Israel’s seizure of the Iranian weapons ship Klos-C near the Eritrean-Sudanese border in the Red Sea, with its cargo of advanced rockets and mortar shells, is only one example of how the Iranian regime uses the supply of arms in order to intervene in a variety of local wars in the Middle East. In May 2008, a former chief of staff of Bahrain gave an interview to the pan-Arab daily al-Hayat which compared Iran to “an octopus” whose tentacles were “rummaging around in Iraq, Kuwait, Lebanon, Gaza and Bahrain.”

One indication of this destabilizing Iranian role is its supply of arms to a variety of regional insurgencies. In January 2013, the Yemeni armed forces, with the assistance of the U.S. Navy, stopped an Iranian arms ship carrying sophisticated Chinese surface-to-air missiles, C-4 explosives, and bomb-making equipment intended to help the Zayidi Shiite rebellion against the central government in Yemen. These same missiles had been found in 2008 to be used by Shiite militants in Iraq, and presumably were also supplied by Iran.

In February 2013, UN monitors reported Iranian and Yemeni links to arms supplies, including IEDs (improvised explosive devices), bound for the al-Shabaab in Somalia. In December 2013, the Bahraini Navy interdicted another Iranian arms ship carrying weapons and ammunition for the anti-government Shiite opposition in Bahrain.

Iranian cargo aircraft have been supplying Hizbullah for years through Damascus International Airport. They continue to re-supply Hizbullah, especially now, given its direct support for the embattled regime of Bashar al-Assad in Syria. The Iranians have also been active in maintaining land routes of supply to Syria via Turkey, where arms shipments have been stopped on a number of occasions, and to the Taliban in Afghanistan, which is adjacent to Iran’s eastern border.

The present negotiations between Iran and the P5+1 over Iran’s nuclear program have not even begun to address this Iranian activism across the Middle East, which continues unabated even under the presidency of Hassan Rouhani. It would seem to be completely unrealistic to reach any nuclear understandings with Tehran while branches of the Iranian armed forces, like the Qods Force of the Revolutionary Guards, are undermining the internal stability of states across the region. Israel’s interception of the Klos C has put this dilemma front and center for the Western powers to consider.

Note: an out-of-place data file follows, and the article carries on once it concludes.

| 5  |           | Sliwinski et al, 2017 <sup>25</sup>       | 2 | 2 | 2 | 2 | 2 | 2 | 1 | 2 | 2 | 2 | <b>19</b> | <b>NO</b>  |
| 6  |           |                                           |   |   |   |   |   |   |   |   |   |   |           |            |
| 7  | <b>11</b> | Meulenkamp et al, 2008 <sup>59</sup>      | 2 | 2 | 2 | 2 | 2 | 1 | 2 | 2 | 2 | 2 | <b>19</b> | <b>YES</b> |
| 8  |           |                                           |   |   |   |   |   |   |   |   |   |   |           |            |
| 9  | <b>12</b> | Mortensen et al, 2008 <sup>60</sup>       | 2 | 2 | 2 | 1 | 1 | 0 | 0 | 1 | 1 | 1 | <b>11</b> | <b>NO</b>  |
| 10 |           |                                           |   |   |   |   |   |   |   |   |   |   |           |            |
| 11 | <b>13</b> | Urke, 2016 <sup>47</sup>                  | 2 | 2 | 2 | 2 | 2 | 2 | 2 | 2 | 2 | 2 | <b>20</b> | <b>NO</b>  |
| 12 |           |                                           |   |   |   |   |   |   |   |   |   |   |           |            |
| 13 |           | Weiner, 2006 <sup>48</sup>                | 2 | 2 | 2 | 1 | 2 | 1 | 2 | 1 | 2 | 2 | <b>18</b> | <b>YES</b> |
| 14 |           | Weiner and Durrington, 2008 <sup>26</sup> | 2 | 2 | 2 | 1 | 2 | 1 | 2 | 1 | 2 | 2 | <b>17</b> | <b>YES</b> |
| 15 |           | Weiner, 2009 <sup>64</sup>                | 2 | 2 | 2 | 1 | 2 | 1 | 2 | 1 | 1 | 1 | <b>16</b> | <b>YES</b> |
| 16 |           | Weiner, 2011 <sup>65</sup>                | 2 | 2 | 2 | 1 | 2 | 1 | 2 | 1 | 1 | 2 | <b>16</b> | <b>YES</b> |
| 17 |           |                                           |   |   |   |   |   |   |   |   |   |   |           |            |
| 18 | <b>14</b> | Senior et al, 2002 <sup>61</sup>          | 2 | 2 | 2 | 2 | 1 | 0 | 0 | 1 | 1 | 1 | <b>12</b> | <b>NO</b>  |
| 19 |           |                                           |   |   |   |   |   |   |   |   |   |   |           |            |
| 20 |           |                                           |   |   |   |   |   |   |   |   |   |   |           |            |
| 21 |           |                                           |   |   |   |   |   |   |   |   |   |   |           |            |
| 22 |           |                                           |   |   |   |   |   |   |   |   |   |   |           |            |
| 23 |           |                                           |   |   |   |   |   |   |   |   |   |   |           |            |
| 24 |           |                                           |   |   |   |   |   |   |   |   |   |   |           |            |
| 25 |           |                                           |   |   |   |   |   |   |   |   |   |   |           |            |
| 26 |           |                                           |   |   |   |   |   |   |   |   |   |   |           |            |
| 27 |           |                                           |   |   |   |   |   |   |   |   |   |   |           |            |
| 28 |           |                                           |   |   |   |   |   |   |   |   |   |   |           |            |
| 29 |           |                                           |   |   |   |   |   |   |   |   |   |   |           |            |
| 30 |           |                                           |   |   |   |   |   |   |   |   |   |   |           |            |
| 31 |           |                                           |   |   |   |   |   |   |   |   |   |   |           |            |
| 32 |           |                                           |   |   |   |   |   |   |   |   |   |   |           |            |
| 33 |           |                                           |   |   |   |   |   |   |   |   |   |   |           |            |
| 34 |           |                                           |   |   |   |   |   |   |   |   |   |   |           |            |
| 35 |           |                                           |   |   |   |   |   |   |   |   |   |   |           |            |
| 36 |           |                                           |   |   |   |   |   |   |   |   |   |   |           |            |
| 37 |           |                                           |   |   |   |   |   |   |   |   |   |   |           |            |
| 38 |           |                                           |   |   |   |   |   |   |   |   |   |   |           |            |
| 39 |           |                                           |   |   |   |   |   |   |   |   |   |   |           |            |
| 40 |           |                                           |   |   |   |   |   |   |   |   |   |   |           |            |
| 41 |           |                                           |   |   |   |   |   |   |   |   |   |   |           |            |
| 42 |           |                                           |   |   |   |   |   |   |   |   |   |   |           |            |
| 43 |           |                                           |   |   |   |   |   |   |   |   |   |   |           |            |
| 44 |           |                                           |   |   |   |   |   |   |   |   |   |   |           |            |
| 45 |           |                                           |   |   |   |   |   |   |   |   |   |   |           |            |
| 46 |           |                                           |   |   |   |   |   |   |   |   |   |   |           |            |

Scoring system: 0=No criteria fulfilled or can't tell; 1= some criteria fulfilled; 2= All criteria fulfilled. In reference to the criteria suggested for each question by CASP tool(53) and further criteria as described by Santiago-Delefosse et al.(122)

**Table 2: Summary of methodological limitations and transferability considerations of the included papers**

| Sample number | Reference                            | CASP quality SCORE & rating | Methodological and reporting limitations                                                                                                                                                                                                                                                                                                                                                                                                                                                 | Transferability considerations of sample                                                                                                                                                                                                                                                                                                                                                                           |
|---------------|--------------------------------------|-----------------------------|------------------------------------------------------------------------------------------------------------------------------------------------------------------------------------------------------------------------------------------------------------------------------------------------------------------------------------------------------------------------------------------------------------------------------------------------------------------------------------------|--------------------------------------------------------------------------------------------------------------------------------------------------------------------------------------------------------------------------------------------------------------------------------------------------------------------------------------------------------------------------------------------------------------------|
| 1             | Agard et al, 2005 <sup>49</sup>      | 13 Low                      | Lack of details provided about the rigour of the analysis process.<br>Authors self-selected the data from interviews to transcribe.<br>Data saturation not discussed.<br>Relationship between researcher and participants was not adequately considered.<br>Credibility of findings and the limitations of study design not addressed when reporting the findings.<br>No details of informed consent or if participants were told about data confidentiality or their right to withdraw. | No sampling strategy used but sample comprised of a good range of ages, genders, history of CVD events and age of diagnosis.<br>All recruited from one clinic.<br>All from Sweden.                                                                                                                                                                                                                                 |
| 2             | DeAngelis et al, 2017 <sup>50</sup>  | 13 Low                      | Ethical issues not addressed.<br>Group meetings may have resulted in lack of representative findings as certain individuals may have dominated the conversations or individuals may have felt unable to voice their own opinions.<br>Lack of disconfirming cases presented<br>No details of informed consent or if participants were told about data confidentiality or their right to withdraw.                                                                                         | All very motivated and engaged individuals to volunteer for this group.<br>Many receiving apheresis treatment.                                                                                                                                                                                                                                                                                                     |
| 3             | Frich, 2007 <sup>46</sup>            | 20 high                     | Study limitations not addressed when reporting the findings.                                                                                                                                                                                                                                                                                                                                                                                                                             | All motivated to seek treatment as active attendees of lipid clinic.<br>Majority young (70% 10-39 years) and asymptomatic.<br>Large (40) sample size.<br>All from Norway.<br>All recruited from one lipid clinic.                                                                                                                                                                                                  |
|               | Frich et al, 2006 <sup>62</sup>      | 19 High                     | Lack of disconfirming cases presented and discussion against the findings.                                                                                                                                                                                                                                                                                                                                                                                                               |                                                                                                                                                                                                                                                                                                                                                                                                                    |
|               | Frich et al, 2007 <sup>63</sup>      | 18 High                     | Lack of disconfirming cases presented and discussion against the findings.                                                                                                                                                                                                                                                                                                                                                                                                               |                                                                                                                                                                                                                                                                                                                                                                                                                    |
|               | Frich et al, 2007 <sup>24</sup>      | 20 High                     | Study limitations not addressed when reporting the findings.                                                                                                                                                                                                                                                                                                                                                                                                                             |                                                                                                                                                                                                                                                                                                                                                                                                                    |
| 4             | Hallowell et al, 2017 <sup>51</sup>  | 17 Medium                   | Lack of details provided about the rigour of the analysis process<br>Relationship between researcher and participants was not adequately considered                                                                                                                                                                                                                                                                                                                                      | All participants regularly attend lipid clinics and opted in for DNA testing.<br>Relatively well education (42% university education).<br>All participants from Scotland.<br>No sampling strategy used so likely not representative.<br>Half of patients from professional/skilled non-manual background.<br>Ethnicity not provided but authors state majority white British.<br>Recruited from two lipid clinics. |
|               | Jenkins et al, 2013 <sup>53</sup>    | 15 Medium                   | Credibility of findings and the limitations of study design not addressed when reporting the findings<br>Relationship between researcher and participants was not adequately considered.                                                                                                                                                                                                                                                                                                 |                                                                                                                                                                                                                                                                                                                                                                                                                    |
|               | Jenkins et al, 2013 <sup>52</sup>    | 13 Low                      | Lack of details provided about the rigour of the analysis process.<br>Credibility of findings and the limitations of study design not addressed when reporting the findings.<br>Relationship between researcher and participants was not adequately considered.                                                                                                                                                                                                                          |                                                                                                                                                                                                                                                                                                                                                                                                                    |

Source: JCPA

Ambassador Dore Gold is the President of the Jerusalem Center for Public Affairs. He is the author of the best-selling books: The Fight for Jerusalem: Radical Islam, the West, and the Future of the Holy City (Regnery, 2007), and The Rise of Nuclear Iran: How Tehran Defies the West (Regnery, 2009).

From the Israel Defense Forces Blog

On March 5, IDF forces intercepted an Iranian weapons shipment intended for terrorist organizations operating in the Gaza Strip.

Following extensive preparations and in accordance with international law, the Israel Navy intercepted the KLOS-C last Wednesday 1,500 kilometers from Israel. Once on board, Naval forces discovered a large Iranian weapons shipment intended for Gaza terrorists. The shipment included powerful M-302 rockets capable of striking almost any point in Israel, including Jerusalem and Tel Aviv.

Upon its arrival in Israel, a combined task force unloaded and inspected the weapons shipment. The forces discovered 40 long-range M-302 rockets, 181 mortar shells and approximately 400,000 7.62 caliber rounds.

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Iran attempted to hide its involvement in the weapons shipment, but the evidence is clear. The containers have Iranian authenticity seals on them, including seals of the Iranian postal company. Several bags of cement, clearly marked as coming from Iran, concealed the contents of the weapons shipment. Although 100 of the 150 containers were transferred from Iran to Iraq, the shipment’s loading form was modified to make it appear as if the shipment came from Iraq directly. It is clear that Iran was trying to hide its involvement in any form.

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